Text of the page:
Greetings from the future!
This dispatch comes to you from the ancient Chinese city of Suzhou, first built in 514 B.C.
An ancient Chinese proverb proclaims, “In heaven there is paradise, on earth there are Hangzhou and Suzhou.” I have not been to Hangzhou, but I can attest that Suzhou does indeed possess the makings of a heaven on earth.
Marco Polo was the first westerner to sing Suzhou’s praises. It’s no wonder the Venetian traveler found this Chinese city to his liking considering Suzhou, with its intricate canal system, is called the Venice of the East.
Venice is one of my favorite cities, so its eastern counterpart had a lot to live up to.
Suzhou did not disappoint. To the contrary, this Sino-paradise earned its way into a top slot on my list of favorite places.
The ancient canal system, still intact, serves as the foundation for Suzhou’s alluring charm. Throw in verdant city gardens pregnant with spring’s blossoms and you have enough to inspire millennia of poets, artists … and two humble tourists.
As described by a friend we met in Nanjing, “Nanjing is like a man; Suzhou is like a woman.” I didn’t quite know what she meant at the time, but after just one day in this eastern Eden, I get it. Permitting gender stereotypes, Suzhou shows a softer side of a nation increasingly identified as an industrial powerhouse. An underlying echo of romanticism pervaded as we leisurely admired the city’s finely manicured gardens, bonsai groves and canals.
There are plenty of sights to keep your itinerary full for 3-4 days in Suzhou. Here are some highlights from our stay:
Tiger Hill: A quick bus ride from our hostel, Tiger Hill is a hillside area replete with gardens, canal bridges, lazy waterways, women picking tea leaves, temples and historical sights that date back to the city’s founding. The most famous monument, the Tiger Hill Pagoda (Yunyan Pagoda), was built between the years 959-961 during the Northern Song Dynasty. Like Suzhou, the Tiger Hill pagoda too has an Italian twin, in this case, the Leaning Tower of Pisa. The pagoda’s lean — about 3.5 degrees to the north — is very apparent, but unfortunately while we visited, the pagoda was under construction and scaffolding obstructed our entry and photos. Still, Chris and I spent the afternoon strolling around Tiger Hill’s beautiful and expansive grounds, fully taken with the beauty all around us.
Humble Administrator’s Garden: This was my favorite of the city gardens we visited. I dragged Chris around every nook and cranny of this place. I loved it. We didn’t leave until the garden closed and they kicked us out.
Suzhou Museum: Chris loved this place. He dragged me to every nook and cranny … and it was free! It offers a great collection of Chinese artifacts and artistry chronologically organized telling the story of Chinese history, and highlights the artistic and philosophical Chinese literati tradition, which apparently had a strong foothold here in Suzhou.
Pingjiang District: Specifically, Taijian Long Lane — an area of Suzhou that is still reminiscent of its ancient architecture and structure. Narrow passages packed with tourists and the occasional motorbike make for a busy scene along the canal, but respite awaits at the many mellow bars, cafes and restaurants lining the water. Chris and I sipped on a beer at a cafe along the canal and watched as boats slowly paddled by. It was lovely.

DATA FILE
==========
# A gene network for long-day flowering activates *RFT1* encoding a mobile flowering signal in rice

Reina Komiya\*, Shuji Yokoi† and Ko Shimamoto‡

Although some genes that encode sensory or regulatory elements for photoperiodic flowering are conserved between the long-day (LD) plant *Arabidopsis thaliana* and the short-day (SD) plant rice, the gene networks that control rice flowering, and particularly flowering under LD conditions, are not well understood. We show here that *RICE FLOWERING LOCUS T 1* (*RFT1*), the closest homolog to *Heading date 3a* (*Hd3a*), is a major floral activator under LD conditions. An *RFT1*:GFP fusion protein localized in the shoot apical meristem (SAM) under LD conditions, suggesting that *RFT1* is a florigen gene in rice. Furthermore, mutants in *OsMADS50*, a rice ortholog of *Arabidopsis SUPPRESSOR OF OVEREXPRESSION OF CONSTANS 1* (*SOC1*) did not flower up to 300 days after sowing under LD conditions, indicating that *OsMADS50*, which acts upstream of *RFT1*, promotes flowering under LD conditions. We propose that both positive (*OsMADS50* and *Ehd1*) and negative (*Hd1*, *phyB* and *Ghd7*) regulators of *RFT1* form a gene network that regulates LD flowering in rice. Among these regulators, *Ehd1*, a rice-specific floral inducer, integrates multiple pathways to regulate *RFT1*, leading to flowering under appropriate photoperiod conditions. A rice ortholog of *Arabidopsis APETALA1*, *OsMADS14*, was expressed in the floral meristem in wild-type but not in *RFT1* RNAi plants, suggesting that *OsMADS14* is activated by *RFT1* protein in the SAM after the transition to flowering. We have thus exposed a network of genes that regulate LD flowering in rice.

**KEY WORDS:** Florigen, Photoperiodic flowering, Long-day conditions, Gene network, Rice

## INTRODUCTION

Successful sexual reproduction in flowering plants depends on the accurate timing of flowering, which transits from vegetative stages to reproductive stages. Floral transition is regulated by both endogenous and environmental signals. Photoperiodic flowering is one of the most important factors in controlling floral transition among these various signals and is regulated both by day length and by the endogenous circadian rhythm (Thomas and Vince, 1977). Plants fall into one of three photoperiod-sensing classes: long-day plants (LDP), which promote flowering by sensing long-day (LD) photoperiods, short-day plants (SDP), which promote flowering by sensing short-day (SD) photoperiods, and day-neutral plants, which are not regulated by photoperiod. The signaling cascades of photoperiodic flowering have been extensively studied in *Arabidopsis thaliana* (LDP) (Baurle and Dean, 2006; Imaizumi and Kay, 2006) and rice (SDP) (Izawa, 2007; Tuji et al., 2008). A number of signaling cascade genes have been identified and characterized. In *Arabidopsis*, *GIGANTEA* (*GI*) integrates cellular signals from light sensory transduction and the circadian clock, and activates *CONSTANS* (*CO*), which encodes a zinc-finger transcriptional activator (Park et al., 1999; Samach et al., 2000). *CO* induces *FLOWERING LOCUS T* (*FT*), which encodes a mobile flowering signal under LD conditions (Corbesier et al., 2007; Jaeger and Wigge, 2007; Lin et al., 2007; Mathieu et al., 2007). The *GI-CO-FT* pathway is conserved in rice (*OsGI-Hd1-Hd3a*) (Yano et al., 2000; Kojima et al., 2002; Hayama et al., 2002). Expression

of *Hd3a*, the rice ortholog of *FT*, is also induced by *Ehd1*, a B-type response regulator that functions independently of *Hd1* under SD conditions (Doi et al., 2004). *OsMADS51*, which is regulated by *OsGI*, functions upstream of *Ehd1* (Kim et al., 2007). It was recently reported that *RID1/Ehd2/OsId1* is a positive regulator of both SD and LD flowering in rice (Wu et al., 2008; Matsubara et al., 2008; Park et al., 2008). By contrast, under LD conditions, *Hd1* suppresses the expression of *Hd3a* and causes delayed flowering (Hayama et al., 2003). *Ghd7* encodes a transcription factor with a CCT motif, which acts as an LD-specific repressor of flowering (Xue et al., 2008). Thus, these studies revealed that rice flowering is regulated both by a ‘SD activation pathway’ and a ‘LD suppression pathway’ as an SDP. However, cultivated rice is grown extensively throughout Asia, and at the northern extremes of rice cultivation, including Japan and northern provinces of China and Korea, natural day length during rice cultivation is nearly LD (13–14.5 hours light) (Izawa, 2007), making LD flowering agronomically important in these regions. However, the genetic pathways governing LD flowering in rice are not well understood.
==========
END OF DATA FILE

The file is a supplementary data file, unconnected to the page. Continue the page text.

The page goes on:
Guanqian Street: Goodbye ancient China, hello ultra commercialism! Gucci, Prada, Hermès, oh my! This place was bright lights, big city central. Chris and I ducked down a side street and were pleased to find the China we could afford. Street food and local restaurants full to the brim. We sized up the many foods on offer, and the first to move me to pull out my wallet was fried soft shell crab on a stick … or so I thought. Those three fried crabs impaled along a stick were, in fact, not soft after all. Just regular ol’ crabs. So … I guess we eat the shells? I made one hearty attempt at chomping into a claw and bowed out. Chris took down all three, spitting out only the big claw shells. He’s so hardcore.
Lao Shi Tou (Old Stone) Restaurant: This restaurant was right down the street from our hostel, and I suspect was owned by the mother or aunt of the guy running our hostel since he was very persuasive in his pitch. We dined there on our first night and loved it so much it became our go-to lunch spot. It was authentic, no other tourists in sight. Only downside, lots of men smoking cigarettes. Ah well.
Yaba Shengjian Restaurant: Famous in Suzhou and beyond, this place has a reputation for having the best sheng jian bao around (delicious fried pork dumplings). Our friend Brett recommended it to us (Thank you, Brett!). He said that we’d recognize the place by the line spilling out the restaurant’s door and around the corner. Sure enough, the line was long but it moved fast and the lady at the counter was helpful in picking out our order when we fumbled to know what to do.
Suzhou, like Nanjing, is located in the Jiangsu Province, which has its own style of cooking. Jiangsu cuisine or Su cuisine for short, makes up one of the eight culinary traditions of China. One thing I noticed while dining out in Nanjing is that the typical dishes seem to have a subtle sweetness. The presence of cloves and star anise could be detected but didn’t overwhelm. This subtly sweet flavor profile was true of sheng jian bao as well. This culinary masterpiece combines elements of a sesame seed bagel, savory doughnut and pork stew — did I mention there’s both meat and broth inside? It’s like bitesize soup in a bread bowl. So delicious!
Come take a stroll through Suzhou with Chris and me in this video (you may need to allow some time for the video to buffer):
And here are some more photos from our stay in Suzhou:
I liked the bookends in the video. It’s like we ended where we started. How Coen brothers of you.